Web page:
Having epilepsy does not necessarily stop someone from doing the job they want, but there are some issues which can affect them at work.
Whether someone’s epilepsy affects their work depends on whether they have seizures, what their seizures are like and how often these happen. It also depends on the type of work they do, and any risks that having seizures at work might bring.
Two important laws that apply to employment are the Health and Safety at Work Act 1974 and the Equality Act 2010.
The Health and Safety at Work Act 1974 says that employers are responsible for making sure that all their employees are safe at work and are protected from possible dangers to their health. This includes making sure that the job and the work environment are safe and has no health risks. Employees are also responsible for their own safety at work, and the safety of their work colleagues.
Whether someone's with epilepsy is affected by this legislation will depend on the type of work they do, whether they have seizures, what their seizures are like and how often they happen.
If you have seizures, you may not be able to do jobs that risk your safety or the safety of other people. As with anybody, the type of work you can do depends on your skills, qualifications and experience. It may also depend on how your epilepsy affects you.
Could I lose my job?
If you are already in a job and you develop epilepsy or if your epilepsy changes and starts to cause problems at work, you might be worried about losing your job.
The Equality Act aims to make sure that people with a disability are not treated unfairly compared to a person without a disability, because of their disability and without a good reason. Under the Equality Act, your employer is expected to consider making reasonable adjustments so that you can carry on working.
If you develop epilepsy or if your seizures are difficult to control, your doctor may refer you to a specialist to review your epilepsy. The review may help you to make decisions about your job. For example, it may help to identify reasonable adjustments for you. Some adjustments may be temporary while your epilepsy is being reviewed or treated, and some adjustments may need to change over time.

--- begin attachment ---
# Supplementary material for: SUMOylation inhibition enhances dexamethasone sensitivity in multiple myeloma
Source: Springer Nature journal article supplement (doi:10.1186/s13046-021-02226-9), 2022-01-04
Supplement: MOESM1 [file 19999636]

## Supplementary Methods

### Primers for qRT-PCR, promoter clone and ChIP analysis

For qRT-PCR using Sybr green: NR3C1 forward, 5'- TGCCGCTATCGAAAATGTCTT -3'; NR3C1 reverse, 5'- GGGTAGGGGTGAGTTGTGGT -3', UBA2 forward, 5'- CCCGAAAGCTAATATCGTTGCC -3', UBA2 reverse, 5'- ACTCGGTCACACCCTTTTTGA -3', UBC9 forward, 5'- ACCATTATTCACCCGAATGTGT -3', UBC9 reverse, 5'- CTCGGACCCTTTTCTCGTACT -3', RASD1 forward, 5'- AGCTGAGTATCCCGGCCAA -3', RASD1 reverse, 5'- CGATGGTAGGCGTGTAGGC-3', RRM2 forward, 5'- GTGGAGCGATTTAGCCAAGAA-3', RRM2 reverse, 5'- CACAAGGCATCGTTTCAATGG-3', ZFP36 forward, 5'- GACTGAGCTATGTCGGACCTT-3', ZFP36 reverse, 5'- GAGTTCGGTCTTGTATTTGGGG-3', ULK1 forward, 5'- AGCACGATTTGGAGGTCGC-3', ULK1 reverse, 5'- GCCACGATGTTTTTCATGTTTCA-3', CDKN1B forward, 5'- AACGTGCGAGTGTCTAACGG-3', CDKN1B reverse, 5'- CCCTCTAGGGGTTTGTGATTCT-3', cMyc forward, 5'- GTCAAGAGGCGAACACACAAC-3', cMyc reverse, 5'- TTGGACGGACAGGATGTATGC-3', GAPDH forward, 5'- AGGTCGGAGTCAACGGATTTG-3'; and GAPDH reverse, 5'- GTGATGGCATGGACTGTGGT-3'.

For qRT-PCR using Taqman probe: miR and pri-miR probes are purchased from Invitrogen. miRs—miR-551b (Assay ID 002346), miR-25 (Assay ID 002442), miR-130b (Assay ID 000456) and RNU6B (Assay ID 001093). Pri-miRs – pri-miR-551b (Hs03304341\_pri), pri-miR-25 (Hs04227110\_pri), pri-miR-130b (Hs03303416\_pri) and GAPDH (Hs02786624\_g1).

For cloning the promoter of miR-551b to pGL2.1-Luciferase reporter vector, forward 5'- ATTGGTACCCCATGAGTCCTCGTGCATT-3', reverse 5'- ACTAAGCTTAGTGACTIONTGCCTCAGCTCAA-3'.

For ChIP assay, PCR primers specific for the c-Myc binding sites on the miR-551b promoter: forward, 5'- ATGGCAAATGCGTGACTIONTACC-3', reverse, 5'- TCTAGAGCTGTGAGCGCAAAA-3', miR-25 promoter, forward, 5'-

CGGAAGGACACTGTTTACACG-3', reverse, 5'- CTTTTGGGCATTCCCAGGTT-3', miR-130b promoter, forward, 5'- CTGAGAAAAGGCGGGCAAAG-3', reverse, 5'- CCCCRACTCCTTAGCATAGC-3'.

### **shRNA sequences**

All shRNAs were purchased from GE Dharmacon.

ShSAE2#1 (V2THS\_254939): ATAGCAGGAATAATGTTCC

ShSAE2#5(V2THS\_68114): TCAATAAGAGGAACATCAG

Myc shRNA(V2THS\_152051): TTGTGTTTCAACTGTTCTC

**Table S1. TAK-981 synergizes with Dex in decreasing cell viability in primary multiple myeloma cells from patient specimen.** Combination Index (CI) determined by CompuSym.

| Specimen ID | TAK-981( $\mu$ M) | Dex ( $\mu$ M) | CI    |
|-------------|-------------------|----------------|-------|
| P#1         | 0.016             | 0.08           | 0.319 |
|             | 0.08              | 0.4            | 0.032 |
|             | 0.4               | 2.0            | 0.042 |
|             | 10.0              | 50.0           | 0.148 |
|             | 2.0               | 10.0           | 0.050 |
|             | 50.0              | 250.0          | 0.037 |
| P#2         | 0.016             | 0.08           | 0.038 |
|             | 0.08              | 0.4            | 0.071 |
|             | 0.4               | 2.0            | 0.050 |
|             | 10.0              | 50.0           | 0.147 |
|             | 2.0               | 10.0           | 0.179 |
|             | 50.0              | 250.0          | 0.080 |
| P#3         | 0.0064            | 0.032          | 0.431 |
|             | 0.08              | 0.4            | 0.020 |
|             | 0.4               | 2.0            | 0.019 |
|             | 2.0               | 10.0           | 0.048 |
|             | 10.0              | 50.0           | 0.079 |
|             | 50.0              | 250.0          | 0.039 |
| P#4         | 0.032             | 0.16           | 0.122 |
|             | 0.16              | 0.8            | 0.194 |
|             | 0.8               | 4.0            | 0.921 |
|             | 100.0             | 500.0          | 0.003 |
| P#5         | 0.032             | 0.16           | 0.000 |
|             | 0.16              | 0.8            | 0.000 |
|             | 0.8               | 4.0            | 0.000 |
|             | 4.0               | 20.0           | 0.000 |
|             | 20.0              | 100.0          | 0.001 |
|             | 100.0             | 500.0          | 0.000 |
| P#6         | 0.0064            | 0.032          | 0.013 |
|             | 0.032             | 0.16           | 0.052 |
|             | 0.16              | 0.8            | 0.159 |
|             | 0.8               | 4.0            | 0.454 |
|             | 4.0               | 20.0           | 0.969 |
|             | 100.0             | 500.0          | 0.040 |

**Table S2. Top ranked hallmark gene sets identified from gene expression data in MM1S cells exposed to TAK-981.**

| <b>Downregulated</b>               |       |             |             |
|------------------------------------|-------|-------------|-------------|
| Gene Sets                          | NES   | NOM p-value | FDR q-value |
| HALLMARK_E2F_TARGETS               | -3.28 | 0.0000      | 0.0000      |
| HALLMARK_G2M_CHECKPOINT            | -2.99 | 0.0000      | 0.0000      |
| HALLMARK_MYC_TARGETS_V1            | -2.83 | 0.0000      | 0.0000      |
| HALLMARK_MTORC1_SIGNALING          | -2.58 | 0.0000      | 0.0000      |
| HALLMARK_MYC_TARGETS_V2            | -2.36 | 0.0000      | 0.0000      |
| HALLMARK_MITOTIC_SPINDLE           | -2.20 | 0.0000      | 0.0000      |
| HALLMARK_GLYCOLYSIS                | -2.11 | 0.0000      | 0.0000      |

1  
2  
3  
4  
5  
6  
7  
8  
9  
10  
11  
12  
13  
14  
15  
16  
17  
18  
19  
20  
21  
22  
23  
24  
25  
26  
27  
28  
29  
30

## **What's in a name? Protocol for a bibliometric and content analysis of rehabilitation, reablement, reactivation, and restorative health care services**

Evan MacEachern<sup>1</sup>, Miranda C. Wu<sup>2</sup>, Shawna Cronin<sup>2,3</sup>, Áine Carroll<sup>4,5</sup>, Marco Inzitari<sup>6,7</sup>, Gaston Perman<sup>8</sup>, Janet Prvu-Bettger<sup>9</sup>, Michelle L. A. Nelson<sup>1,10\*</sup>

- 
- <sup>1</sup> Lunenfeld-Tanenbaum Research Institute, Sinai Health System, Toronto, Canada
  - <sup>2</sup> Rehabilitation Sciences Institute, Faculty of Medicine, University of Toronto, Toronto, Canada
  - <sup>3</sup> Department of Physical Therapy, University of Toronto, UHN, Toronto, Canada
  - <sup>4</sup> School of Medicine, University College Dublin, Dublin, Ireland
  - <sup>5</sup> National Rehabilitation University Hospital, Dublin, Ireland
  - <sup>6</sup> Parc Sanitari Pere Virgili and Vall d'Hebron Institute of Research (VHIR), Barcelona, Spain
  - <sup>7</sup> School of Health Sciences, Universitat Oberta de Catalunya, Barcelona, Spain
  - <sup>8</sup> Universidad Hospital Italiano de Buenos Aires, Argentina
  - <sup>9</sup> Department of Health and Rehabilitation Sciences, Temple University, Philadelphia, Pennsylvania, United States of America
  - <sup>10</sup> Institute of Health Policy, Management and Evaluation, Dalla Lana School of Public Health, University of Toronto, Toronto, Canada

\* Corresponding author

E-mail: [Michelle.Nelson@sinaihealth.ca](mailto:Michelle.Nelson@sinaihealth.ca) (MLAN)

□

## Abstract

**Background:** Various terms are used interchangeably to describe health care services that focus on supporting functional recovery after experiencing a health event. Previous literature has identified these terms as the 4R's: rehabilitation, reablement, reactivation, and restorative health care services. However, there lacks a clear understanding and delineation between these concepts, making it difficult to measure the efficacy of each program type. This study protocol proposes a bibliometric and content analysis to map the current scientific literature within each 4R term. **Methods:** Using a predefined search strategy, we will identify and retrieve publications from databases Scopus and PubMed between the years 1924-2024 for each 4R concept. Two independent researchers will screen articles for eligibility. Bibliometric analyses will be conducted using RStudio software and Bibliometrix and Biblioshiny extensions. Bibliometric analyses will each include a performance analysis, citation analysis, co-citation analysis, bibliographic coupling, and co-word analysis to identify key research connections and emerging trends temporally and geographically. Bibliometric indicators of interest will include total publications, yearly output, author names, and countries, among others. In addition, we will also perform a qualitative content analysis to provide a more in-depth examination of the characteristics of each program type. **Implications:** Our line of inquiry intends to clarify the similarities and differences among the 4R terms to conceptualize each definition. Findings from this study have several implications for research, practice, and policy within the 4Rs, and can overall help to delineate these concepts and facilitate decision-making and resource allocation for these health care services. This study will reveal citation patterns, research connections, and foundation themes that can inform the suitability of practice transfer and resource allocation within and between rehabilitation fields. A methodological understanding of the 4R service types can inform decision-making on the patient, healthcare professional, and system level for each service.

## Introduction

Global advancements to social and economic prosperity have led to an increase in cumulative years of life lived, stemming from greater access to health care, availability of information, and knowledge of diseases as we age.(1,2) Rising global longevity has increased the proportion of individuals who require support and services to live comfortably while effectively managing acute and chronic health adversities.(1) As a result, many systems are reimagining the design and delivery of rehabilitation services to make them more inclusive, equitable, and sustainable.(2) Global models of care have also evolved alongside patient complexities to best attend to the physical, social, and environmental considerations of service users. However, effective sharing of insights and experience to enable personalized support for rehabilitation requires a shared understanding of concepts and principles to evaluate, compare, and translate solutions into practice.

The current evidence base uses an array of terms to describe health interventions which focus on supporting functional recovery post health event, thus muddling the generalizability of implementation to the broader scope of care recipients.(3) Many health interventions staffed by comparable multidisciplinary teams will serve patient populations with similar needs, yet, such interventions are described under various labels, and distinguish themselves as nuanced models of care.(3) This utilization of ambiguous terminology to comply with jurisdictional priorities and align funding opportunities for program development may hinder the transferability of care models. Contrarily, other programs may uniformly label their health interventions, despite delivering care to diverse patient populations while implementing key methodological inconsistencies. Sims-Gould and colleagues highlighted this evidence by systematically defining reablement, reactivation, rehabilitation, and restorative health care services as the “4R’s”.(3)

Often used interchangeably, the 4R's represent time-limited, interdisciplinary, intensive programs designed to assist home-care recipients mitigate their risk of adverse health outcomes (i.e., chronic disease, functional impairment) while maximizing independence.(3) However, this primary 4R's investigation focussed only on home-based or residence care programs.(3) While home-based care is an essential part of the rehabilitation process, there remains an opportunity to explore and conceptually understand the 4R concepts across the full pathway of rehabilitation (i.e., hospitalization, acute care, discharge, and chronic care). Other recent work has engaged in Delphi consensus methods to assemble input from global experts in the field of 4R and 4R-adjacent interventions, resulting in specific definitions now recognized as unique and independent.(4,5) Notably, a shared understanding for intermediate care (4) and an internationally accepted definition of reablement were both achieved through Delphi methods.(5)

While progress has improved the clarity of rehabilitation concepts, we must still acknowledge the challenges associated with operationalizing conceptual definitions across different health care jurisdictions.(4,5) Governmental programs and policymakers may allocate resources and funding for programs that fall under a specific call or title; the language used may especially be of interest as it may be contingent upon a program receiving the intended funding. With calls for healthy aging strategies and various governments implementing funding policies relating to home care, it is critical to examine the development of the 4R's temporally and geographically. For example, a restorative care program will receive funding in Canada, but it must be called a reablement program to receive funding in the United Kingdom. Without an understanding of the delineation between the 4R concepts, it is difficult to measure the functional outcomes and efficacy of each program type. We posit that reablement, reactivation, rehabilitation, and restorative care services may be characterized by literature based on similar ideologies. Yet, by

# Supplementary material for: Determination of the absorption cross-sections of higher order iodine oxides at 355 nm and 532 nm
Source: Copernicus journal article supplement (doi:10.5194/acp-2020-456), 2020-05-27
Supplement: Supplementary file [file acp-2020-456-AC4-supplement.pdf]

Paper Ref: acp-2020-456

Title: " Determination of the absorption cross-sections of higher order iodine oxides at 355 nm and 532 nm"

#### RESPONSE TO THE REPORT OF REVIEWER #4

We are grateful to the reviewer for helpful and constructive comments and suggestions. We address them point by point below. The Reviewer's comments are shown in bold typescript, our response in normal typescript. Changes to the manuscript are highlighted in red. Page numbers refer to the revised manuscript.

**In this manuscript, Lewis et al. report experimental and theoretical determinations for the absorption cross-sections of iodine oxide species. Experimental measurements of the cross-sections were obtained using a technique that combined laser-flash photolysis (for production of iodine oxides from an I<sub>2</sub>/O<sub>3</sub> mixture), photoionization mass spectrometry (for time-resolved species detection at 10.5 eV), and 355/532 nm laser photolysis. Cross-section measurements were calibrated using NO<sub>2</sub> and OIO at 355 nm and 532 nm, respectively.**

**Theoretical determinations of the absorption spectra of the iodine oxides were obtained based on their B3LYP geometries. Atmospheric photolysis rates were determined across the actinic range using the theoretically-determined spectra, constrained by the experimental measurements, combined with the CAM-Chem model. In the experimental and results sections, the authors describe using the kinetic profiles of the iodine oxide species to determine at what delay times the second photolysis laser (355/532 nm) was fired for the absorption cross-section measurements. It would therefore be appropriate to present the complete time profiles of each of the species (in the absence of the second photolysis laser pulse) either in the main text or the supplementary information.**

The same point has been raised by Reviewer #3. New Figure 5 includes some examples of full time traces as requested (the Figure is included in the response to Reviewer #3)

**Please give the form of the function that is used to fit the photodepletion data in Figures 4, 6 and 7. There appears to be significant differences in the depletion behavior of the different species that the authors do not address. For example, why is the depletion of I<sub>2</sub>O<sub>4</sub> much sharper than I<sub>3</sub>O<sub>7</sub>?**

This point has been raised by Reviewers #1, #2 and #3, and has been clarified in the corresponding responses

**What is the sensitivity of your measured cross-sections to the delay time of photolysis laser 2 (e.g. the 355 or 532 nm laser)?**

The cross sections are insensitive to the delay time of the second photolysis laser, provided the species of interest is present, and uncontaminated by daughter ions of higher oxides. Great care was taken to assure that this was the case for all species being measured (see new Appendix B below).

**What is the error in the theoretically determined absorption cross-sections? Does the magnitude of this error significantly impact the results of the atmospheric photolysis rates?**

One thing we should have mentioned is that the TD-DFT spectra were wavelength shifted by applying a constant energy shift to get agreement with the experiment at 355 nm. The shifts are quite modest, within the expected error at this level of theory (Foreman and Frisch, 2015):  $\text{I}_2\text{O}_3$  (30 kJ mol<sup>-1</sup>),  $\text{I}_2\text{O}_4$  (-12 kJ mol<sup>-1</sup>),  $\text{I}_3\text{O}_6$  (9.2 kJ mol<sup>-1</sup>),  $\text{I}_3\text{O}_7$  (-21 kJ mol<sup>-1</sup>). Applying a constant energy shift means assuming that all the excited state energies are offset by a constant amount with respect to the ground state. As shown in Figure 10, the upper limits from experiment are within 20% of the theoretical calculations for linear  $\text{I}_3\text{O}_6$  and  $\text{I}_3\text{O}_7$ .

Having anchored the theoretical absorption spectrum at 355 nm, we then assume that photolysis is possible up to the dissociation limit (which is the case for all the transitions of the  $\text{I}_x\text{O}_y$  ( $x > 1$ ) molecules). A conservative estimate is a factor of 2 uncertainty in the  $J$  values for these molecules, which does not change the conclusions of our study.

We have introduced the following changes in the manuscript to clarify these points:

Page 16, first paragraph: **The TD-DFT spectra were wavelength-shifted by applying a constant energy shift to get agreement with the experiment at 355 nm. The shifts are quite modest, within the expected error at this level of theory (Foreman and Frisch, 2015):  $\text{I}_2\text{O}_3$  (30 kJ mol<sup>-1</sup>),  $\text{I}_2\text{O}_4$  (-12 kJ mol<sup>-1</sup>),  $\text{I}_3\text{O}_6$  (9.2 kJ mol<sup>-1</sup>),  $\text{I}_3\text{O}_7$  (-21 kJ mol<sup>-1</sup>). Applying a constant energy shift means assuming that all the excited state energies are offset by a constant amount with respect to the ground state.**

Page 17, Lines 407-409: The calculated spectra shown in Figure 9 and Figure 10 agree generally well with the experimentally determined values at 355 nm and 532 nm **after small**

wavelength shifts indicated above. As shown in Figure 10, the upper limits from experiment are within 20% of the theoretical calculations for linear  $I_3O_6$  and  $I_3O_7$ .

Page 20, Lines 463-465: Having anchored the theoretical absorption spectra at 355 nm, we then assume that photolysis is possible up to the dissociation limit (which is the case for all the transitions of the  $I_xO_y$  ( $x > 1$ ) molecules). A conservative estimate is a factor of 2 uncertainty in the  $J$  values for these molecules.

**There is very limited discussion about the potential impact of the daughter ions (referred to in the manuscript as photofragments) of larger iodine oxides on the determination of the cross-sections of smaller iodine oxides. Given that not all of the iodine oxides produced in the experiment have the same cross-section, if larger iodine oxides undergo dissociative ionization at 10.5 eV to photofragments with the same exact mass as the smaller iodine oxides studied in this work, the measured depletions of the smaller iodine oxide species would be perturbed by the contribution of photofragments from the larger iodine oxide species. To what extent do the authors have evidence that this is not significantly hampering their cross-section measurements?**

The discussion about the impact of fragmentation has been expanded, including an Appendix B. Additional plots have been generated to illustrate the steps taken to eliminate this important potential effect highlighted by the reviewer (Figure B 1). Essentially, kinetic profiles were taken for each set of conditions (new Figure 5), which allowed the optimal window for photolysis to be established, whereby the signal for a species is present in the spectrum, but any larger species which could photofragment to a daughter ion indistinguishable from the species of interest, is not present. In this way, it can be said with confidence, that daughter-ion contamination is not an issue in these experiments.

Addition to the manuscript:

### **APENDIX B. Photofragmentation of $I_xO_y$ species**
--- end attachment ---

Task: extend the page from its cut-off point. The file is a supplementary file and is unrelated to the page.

One of the key points to remember about epilepsy is that it varies from person to person. While some people have regular seizures, up to 70% of people with epilepsy could stop having seizures (with the right medication) so their epilepsy may have little or no effect on their work.
Who can I talk to?
You may want to talk to your line manager or to someone in your personnel or human resources department, if you have one, about how you are feeling. Talking about any problems or concerns you have might help them to support you or to look for reasonable adjustments that would help you.
Taken from our employment leaflet. Order this leaflet from our online shop as part of our 'first five free' offer.
Information produced: March 2017
The Health and Safety at Work Act 1974 says that employers are responsible for making sure that all their employees are safe at work and are protected from possible dangers to their health.
The Equality Act 2010 came into effect in October 2010. It replaced nine previous laws that aimed to protect people against discrimination, including the Disability Discrimination Act 1995 (DDA).
You can look for a job through your local Jobcentre Plus office, personal contacts, newspapers and websites adverts or employment agencies.
Jobcentre Plus offices have Disability Employment Advisers (DEAs) who provide support to people with disabilities. They may be able to help with assessments, referral to schemes for people with disabilities (such as Work Choice), job matching and information on employers who are positive about employing people with disabilities.
Employers cannot legally refuse to give you a job just because you have epilepsy. However, they need to consider your epilepsy, and what the job involves, to ensure your safety and that of other employees.
Some people worry that telling an employer about their epilepsy might affect their chance of getting a job or being treated fairly at work. Although discrimination can happen, the Equality Act 2010 aims to protect you from discrimination, and help your employer to treat you fairly and support you at work. Having the right information about your epilepsy can help employers to do this.
When employing someone with epilepsy, it is important to consider their individual situation, and base any decisions on fact. This means looking at their epilepsy and the effect it might have on their work. Talking to them about what their epilepsy is really like, and how it might affect their work, is more helpful than making assumptions about how it affects them.